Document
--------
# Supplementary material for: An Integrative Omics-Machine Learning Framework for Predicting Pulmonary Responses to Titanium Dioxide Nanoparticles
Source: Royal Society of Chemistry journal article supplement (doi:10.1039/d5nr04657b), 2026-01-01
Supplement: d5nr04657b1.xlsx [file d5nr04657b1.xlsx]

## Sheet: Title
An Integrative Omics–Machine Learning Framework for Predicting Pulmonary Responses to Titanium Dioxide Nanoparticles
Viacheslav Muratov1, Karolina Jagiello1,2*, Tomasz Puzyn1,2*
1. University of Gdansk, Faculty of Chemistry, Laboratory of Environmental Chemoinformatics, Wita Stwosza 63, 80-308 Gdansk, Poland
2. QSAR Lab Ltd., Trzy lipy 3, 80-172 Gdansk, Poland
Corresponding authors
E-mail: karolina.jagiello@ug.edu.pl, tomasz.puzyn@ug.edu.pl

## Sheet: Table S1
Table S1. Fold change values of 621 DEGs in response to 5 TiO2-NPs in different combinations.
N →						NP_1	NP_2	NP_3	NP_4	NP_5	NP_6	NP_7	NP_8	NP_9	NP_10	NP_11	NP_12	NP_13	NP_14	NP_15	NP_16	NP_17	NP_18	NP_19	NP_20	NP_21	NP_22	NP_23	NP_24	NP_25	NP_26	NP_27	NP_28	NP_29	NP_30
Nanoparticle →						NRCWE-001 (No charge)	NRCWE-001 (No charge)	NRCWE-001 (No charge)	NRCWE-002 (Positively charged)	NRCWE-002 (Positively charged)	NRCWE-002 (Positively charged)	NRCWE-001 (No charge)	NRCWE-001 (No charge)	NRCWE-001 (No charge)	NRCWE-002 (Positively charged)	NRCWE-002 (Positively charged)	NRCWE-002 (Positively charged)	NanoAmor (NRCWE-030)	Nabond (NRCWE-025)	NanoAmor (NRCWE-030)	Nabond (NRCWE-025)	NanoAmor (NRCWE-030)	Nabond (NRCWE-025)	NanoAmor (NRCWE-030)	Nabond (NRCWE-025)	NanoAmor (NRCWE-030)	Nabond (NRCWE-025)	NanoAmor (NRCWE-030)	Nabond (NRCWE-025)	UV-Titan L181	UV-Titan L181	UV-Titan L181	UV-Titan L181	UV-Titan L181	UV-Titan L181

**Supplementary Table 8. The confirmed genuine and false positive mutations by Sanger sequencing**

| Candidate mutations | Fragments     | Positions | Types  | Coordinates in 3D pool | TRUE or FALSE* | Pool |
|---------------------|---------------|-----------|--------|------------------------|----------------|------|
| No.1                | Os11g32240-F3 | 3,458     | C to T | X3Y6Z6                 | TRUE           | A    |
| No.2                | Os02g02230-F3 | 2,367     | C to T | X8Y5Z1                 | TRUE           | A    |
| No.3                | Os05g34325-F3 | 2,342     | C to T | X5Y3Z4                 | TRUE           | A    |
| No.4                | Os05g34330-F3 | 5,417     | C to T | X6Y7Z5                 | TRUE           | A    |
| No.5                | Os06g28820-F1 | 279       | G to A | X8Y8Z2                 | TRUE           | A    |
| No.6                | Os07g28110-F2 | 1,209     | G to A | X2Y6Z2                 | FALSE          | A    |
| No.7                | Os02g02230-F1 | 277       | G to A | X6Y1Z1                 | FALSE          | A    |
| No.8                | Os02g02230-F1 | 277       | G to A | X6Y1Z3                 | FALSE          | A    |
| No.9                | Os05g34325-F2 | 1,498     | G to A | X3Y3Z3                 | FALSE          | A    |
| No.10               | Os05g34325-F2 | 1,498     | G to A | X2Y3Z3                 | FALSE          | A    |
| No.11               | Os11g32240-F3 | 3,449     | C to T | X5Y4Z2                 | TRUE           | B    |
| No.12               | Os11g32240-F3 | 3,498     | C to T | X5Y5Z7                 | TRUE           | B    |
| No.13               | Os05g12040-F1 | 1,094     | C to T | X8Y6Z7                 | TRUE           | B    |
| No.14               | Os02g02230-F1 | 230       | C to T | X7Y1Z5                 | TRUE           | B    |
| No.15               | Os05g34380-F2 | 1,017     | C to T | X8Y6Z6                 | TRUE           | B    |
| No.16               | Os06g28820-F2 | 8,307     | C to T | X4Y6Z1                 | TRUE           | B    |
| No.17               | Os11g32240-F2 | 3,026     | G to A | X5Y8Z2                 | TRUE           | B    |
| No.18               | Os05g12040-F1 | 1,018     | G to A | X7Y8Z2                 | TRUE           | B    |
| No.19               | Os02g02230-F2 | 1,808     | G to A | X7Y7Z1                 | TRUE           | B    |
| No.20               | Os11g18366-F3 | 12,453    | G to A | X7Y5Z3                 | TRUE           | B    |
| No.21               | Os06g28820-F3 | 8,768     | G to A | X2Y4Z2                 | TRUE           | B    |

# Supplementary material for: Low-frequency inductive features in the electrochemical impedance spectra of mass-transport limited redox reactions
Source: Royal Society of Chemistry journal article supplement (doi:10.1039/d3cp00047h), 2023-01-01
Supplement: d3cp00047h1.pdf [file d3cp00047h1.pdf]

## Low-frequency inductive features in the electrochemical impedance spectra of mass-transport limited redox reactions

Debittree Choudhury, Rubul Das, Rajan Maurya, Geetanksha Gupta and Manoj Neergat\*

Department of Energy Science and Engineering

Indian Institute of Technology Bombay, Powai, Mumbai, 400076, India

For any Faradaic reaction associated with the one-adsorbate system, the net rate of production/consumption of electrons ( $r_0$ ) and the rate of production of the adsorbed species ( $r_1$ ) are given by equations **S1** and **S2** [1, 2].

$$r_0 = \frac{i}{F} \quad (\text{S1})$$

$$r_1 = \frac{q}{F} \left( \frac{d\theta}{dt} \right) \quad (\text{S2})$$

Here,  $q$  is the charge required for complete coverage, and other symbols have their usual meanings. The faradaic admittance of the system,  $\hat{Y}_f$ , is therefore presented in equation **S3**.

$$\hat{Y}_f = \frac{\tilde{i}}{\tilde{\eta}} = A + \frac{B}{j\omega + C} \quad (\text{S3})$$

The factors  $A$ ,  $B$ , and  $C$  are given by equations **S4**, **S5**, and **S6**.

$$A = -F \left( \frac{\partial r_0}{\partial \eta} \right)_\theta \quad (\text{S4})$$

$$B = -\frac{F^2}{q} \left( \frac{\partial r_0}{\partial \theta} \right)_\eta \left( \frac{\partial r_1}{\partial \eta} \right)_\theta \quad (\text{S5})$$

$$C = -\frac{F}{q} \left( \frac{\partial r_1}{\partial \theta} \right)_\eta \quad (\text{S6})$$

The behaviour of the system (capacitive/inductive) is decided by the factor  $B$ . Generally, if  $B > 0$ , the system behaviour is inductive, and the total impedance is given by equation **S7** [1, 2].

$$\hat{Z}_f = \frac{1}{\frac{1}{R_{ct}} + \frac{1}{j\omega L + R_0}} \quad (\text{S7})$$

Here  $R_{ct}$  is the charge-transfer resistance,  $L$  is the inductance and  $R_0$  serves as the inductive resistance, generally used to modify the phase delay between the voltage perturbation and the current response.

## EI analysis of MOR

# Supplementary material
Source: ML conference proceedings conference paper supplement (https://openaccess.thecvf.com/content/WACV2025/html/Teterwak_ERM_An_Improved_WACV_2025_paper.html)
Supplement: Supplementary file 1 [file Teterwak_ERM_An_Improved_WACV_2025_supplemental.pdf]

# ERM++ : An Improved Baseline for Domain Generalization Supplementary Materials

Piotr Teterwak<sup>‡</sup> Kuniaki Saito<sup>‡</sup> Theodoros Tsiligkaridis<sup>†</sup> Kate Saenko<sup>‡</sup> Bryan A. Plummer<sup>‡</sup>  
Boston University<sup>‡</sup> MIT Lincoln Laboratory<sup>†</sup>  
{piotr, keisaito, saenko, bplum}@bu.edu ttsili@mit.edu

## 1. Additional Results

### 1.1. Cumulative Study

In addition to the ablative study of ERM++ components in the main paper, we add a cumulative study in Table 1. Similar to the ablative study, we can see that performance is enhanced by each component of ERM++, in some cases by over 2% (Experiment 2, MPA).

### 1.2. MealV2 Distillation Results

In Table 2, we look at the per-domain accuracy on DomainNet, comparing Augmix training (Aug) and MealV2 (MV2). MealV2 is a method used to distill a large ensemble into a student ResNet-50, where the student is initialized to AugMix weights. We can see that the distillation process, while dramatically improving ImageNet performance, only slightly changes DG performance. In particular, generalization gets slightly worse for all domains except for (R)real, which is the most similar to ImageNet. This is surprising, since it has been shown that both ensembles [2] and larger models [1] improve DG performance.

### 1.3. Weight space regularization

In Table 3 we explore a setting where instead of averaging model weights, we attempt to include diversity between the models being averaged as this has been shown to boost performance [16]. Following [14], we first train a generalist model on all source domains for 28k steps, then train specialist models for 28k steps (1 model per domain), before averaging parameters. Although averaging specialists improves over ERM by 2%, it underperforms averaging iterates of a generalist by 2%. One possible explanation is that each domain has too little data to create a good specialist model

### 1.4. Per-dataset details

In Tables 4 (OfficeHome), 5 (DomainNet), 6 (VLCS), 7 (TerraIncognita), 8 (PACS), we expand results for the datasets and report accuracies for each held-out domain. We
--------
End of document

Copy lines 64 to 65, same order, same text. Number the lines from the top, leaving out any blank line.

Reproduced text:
Boston University<sup>‡</sup> MIT Lincoln Laboratory<sup>†</sup>  
{piotr, keisaito, saenko, bplum}@bu.edu ttsili@mit.edu